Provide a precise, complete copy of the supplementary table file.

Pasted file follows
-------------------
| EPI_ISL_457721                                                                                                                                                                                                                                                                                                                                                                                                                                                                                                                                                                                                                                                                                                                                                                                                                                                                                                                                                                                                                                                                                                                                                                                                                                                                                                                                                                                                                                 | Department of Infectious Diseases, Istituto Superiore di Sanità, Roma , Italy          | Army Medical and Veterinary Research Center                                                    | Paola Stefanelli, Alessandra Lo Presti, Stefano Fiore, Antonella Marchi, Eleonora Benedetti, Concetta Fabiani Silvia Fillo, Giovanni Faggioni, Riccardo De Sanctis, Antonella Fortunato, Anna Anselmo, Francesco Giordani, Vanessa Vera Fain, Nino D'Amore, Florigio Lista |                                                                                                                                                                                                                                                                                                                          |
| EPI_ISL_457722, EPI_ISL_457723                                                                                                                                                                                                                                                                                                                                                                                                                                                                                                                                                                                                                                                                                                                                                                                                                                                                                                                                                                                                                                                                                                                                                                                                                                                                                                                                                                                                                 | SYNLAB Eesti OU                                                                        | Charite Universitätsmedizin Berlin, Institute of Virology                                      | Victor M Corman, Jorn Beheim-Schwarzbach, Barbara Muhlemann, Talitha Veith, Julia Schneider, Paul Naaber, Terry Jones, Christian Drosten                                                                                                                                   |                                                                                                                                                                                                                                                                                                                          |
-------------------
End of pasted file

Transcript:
| EPI_ISL_457721                                                                                                                                                                                                                                                                                                                                                                                                                                                                                                                                                                                                                                                                                                                                                                                                                                                                                                                                                                                                                                                                                                                                                                                                                                                                                                                                                                                                                                 | Department of Infectious Diseases, Istituto Superiore di Sanità, Roma , Italy          | Army Medical and Veterinary Research Center                                                    | Paola Stefanelli, Alessandra Lo Presti, Stefano Fiore, Antonella Marchi, Eleonora Benedetti, Concetta Fabiani Silvia Fillo, Giovanni Faggioni, Riccardo De Sanctis, Antonella Fortunato, Anna Anselmo, Francesco Giordani, Vanessa Vera Fain, Nino D'Amore, Florigio Lista |                                                                                                                                                                                                                                                                                                                          |
| EPI_ISL_457722, EPI_ISL_457723                                                                                                                                                                                                                                                                                                                                                                                                                                                                                                                                                                                                                                                                                                                                                                                                                                                                                                                                                                                                                                                                                                                                                                                                                                                                                                                                                                                                                 | SYNLAB Eesti OU                                                                        | Charite Universitätsmedizin Berlin, Institute of Virology                                      | Victor M Corman, Jorn Beheim-Schwarzbach, Barbara Muhlemann, Talitha Veith, Julia Schneider, Paul Naaber, Terry Jones, Christian Drosten                                                                                                                                   |                                                                                                                                                                                                                                                                                                                          |